NEW YORK— The Big Apple is Atlanta North for the weekend with Hawks all over the place, competing in events on Friday, Saturday and finally Sunday when four players and the entire coaching staff will represent the East in the All-Star Game.
“It’s awesome to have everyone here,” said Hawks forward Al Horford. “When we get on the bus, almost half the bus is Hawks. I’ve been here before at the All-Star Game but never has it been to this magnitude, mainly because we have a number of players and our coaches here with me.”
Well, there is one notable absence. Somewhere in Atlanta, the person who put the Hawks together is observing from a distance, to say the least. Danny Ferry took a voluntary leave of absence after the events of this summer, when he read a scouting report that was viewed as racially if not culturally insensitive, and has been a ghost while the Hawks surprisingly soared to the top of the East.
Ferry was responsible, either directly or indirectly, in every member of the Hawks’ All-Star contingent with the exception of Horford, whom he inherited when he became GM three years ago. Ferry matched an offer sheet to keep Jeff Teague, signed Paul Millsap, traded for Kyle Korver and signed coach Mike Budenholzer. That’s one-third of the East team, plus the coach.
The question now is, will Ferry ever get to enjoy the benefits of his hard work from a point-blank range, instead of his TV set?
Well, all indications say that will be up to the next owners of the Hawks, whenever they’re sold, which might not happen until this summer or fall. If left up to the players, however, there’s a pretty clear consensus.
“He brought us all together,” said Teague. “I don’t think anyone would be against it.”
Millsap: “I would welcome him back. We still don’t know the truth as far as everything that’s going on or everything that happened. I try to stay out of it. But we had a great relationship before all of this happened. I’m not going to let one day throw that relationship down the drain. People make mistakes.”
Remember, Ferry wasn’t told to stay away by the league or even the fractured Hawks ownership. He took it upon himself. And technically, he could return on his own accord, although there probably would be some awkward moments if that happened. In any event, one of the groups trying to buy the Hawks is led by Grant Hill. They both attended Duke and remain friends, so you can guess what might happen should Hill’s team win. If another group wins, then all bets are off.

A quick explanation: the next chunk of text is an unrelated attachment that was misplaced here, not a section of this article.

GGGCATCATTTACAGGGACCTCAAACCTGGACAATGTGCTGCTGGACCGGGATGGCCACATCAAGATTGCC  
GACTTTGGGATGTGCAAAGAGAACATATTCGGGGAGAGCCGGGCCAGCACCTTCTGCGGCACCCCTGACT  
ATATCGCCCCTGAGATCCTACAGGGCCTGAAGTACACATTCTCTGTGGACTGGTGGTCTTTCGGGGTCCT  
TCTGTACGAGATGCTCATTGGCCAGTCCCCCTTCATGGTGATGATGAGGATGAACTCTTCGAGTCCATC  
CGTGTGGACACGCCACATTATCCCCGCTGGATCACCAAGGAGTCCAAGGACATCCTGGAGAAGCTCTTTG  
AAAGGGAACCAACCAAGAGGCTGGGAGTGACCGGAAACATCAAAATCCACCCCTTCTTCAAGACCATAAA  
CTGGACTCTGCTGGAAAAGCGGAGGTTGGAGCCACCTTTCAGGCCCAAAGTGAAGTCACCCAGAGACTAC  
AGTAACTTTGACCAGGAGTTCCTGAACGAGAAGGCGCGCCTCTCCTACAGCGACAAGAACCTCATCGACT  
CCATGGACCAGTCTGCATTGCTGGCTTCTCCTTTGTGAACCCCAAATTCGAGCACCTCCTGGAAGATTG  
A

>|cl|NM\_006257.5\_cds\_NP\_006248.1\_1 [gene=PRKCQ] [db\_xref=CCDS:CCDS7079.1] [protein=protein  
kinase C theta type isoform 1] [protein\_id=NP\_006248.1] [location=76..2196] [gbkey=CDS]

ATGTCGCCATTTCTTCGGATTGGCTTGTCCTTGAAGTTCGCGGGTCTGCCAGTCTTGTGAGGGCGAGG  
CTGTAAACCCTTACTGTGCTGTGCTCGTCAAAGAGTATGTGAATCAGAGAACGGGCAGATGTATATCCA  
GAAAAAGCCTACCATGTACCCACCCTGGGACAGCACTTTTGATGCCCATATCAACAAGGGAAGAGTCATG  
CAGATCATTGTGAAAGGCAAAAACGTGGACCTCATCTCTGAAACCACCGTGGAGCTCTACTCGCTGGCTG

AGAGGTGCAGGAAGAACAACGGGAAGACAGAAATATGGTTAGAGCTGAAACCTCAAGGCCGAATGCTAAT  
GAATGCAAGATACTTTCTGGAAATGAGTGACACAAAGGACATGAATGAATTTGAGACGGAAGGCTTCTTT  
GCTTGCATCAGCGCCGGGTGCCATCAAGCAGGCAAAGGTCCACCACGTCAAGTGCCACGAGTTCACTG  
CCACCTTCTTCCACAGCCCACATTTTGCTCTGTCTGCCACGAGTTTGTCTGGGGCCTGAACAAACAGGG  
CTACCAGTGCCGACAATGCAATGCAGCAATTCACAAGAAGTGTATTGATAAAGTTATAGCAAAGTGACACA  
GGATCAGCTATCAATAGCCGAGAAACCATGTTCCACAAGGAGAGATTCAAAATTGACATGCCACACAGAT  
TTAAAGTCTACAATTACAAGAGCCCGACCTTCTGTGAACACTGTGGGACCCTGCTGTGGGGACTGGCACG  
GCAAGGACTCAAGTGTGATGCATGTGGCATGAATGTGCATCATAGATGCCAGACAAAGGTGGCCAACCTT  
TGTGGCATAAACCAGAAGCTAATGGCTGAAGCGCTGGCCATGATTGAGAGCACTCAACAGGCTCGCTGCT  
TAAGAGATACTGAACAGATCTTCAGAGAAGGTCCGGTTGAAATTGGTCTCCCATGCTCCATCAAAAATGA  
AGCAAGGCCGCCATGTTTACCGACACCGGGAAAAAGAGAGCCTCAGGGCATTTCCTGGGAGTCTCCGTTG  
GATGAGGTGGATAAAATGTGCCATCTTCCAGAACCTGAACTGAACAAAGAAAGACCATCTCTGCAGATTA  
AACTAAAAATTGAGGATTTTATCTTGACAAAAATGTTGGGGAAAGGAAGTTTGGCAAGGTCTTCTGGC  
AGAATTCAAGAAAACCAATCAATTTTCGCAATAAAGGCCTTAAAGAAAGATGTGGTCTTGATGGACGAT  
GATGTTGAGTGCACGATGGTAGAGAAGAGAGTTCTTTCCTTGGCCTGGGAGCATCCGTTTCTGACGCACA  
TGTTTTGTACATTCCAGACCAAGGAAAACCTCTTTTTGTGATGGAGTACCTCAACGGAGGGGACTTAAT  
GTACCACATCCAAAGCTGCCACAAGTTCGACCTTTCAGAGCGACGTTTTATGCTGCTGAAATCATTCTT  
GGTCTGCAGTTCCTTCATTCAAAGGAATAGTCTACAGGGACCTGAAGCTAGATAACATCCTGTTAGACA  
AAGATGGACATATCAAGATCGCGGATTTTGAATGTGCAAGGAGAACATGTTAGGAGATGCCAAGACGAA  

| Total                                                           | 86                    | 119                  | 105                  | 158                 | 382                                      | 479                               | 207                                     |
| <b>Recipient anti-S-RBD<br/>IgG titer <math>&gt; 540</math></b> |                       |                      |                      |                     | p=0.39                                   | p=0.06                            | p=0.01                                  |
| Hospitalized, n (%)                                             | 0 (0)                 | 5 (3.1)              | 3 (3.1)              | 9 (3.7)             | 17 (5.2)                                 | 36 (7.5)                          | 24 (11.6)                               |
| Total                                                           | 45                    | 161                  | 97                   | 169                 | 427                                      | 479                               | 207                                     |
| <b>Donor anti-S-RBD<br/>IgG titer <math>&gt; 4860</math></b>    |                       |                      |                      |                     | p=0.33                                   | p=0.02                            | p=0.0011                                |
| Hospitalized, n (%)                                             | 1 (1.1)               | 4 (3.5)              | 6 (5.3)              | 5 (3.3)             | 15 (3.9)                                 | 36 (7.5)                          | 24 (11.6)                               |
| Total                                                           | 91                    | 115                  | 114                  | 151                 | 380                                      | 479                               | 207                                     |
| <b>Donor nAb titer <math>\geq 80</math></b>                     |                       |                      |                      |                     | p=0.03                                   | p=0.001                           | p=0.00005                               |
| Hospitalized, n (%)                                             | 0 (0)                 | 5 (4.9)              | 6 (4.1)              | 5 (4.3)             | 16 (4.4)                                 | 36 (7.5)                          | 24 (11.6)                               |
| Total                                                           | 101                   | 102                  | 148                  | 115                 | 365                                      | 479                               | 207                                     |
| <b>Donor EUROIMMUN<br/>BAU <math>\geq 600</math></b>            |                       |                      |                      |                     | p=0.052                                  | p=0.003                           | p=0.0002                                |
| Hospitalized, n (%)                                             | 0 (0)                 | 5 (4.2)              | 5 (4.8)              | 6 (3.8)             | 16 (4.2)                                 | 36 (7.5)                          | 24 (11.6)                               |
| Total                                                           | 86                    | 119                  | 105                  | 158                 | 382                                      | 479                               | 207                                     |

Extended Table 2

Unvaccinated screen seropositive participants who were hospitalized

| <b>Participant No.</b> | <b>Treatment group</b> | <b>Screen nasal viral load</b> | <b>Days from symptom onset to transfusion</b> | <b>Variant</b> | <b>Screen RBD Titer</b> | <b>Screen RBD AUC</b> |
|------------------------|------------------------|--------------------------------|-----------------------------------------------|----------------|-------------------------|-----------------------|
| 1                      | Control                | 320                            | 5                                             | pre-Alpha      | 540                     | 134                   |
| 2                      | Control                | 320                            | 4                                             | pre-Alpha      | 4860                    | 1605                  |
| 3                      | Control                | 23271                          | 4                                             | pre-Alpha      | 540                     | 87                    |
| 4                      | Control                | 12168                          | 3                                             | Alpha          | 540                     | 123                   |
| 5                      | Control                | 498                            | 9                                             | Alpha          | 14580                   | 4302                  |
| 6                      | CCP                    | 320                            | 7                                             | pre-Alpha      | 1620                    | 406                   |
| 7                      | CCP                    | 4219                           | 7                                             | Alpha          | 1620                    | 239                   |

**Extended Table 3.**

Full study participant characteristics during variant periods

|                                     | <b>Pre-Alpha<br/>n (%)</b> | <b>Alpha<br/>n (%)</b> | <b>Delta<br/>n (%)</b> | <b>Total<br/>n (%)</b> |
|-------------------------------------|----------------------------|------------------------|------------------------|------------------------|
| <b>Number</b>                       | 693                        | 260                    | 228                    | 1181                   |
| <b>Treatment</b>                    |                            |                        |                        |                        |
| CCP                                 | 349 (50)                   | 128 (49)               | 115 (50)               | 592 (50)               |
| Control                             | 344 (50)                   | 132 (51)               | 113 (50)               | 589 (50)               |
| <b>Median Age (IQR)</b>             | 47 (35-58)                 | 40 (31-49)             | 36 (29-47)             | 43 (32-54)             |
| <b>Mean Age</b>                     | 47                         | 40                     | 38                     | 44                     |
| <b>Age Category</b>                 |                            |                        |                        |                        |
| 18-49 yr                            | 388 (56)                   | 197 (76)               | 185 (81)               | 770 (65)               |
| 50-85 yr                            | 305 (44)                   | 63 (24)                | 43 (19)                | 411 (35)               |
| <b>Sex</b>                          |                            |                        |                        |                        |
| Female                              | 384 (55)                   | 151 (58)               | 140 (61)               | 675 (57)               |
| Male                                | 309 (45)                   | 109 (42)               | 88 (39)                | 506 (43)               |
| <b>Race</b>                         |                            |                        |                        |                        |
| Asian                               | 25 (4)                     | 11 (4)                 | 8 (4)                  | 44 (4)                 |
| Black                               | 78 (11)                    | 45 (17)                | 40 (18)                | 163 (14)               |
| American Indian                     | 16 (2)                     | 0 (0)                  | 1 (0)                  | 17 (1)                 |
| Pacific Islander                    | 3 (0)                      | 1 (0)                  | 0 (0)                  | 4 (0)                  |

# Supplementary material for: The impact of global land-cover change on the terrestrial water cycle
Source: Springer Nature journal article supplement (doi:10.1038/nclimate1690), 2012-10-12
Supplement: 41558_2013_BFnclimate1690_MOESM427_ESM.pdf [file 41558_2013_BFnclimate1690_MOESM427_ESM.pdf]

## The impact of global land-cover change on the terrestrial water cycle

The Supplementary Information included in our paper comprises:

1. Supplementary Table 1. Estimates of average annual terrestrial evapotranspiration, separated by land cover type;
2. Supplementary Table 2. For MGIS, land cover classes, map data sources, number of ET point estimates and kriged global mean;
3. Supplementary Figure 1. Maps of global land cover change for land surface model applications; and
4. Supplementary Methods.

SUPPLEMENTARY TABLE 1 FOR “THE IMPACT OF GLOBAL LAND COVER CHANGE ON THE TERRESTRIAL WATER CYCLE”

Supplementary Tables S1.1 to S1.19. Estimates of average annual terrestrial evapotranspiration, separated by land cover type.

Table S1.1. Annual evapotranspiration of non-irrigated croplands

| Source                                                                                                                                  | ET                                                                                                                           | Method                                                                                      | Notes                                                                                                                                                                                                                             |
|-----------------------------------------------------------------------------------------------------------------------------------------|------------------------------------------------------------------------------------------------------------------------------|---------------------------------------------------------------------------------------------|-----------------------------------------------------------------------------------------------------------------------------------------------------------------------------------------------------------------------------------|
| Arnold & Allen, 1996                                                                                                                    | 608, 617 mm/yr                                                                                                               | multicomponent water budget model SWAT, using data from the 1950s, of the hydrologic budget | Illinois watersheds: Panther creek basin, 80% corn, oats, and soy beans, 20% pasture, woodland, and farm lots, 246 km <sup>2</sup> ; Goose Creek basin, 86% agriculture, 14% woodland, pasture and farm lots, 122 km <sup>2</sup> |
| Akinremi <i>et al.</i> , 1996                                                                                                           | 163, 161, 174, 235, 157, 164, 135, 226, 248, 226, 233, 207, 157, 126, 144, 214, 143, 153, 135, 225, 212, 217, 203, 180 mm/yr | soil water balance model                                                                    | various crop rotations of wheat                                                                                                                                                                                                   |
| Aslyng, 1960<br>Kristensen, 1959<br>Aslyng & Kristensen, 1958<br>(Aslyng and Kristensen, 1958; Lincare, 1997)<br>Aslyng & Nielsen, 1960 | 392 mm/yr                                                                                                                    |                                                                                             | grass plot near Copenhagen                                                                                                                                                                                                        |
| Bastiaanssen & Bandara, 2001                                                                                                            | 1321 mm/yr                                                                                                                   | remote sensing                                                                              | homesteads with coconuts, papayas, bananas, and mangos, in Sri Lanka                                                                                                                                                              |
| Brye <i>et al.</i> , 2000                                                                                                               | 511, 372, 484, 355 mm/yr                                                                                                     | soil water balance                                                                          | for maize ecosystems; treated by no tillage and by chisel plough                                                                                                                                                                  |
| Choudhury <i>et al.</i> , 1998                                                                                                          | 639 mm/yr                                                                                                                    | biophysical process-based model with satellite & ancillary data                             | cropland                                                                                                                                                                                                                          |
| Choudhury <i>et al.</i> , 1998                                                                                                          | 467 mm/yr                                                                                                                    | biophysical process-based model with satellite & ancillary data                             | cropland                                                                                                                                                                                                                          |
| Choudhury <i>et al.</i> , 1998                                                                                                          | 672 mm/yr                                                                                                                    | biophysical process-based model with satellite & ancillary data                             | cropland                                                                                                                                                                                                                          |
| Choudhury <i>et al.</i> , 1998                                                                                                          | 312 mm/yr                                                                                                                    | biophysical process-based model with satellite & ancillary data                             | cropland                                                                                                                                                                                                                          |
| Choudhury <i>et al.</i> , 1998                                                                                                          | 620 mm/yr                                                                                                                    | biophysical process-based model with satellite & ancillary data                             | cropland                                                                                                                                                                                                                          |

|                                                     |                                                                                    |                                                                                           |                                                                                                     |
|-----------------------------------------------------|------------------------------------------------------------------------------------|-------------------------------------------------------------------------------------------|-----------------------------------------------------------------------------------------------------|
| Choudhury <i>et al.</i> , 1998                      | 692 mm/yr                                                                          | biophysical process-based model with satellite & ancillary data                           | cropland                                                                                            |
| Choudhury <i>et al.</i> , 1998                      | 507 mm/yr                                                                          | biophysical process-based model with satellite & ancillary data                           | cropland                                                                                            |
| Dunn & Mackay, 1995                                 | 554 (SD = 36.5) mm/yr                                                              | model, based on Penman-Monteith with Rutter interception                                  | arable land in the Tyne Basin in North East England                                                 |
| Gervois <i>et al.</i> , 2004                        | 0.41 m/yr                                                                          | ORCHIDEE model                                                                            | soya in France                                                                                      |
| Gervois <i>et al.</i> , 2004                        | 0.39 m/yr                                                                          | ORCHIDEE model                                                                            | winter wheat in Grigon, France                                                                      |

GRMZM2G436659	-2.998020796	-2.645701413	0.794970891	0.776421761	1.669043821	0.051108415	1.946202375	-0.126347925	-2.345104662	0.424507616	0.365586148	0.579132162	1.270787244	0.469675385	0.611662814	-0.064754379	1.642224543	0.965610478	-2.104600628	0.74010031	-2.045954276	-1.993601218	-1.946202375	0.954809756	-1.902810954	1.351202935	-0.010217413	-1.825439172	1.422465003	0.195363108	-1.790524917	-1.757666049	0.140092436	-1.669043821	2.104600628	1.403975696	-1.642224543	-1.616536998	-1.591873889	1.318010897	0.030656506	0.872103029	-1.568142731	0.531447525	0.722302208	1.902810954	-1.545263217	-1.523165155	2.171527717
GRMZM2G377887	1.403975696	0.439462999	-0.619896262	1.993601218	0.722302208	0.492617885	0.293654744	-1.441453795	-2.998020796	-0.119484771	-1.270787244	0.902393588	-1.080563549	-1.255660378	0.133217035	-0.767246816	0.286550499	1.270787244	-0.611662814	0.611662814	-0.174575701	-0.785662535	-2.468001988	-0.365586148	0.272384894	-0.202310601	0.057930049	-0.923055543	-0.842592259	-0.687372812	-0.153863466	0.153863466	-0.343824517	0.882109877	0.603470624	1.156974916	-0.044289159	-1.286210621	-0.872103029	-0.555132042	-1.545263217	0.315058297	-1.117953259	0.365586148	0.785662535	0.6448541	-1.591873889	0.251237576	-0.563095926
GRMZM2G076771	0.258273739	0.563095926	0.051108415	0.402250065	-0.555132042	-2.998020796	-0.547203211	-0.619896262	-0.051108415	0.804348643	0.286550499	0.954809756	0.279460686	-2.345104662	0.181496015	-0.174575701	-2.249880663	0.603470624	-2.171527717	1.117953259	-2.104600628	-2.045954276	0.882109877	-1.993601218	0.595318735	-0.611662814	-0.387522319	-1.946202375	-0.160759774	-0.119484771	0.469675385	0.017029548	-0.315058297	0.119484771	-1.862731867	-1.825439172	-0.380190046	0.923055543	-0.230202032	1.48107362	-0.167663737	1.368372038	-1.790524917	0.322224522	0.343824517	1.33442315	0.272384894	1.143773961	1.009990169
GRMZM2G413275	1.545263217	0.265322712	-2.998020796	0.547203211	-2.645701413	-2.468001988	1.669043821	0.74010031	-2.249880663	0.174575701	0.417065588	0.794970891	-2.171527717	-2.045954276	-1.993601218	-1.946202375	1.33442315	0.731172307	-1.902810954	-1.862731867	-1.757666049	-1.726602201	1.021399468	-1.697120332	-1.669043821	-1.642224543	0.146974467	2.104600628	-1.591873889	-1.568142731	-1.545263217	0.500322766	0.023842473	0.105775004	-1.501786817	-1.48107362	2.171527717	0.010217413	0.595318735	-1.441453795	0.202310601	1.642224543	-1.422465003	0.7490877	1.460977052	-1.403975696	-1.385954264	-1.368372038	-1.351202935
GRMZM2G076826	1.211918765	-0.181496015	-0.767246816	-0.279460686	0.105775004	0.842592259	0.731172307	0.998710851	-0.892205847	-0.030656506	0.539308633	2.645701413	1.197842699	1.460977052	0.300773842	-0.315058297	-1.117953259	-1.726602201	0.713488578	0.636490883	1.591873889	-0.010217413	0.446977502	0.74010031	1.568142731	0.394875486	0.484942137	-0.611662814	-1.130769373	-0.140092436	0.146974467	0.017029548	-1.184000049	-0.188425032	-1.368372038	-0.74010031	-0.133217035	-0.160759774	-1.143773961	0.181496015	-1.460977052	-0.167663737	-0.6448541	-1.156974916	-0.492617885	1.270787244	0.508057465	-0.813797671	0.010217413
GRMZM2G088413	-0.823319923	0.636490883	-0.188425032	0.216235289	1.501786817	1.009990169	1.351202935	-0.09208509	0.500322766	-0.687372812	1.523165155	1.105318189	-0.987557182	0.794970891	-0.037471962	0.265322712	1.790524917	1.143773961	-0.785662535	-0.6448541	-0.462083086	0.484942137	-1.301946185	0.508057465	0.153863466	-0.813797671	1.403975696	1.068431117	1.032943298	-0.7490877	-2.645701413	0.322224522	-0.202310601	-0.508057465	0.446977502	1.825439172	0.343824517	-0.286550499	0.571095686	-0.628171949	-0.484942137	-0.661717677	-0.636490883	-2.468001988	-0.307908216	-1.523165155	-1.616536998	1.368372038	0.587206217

“He’s definitely a great GM,” said Millsap. “And I’m sure this must be tough for him.”
Elsewhere around All-Star Weekend:
Melo will play at least one more game:
Carmelo Anthony will play in the All-Star Game. Otherwise, that’s all he would guarantee.
There’s bait of controversy surrounding the Knicks forward. On one hand, Melo has complained about a chronic left knee problem, which forced him to miss games. But he felt fine enough to play in London in the Knicks’ game against the Bucks, and has played since, leading up to the All-Star Game.
Therefore: With the 10-43 Knicks comfortably out of the playoff hunt and three months to go, will Melo suddenly feel unfit to play once the All-Star Game is over?
It looks that way, and can you blame him? Melo felt he had a responsibility to suit up in London, if only because he was clearly a drawing card, and also serve as host of the All-Star Game since it’ll be played at the Garden.
“I really want to embrace that,” he said. “This will be a moment I’ll never forget. New York won’t forget. I want to be a part of that moment.”
Melo added: “It’s a damned-if-you-do, damned-if-you-don’t situation. Because if I said I’m not participating, I would’ve gotten backlash about it. I’m saying I’m participating, I get backlash. It’s here in New York, the fans voted me in and I’m going to play in the game.”
DeMarcus is good with Karl:
There won’t be any push-back from DeMarcus Cousins when George Karl begins coaching the Kings next week, so says DeMarcus Cousins.
“He’s a good coach,” said Cousins. “I haven’t really had a chance to talk with him, so may things were going on when they brought him in. I’m excited to see him and move forward.”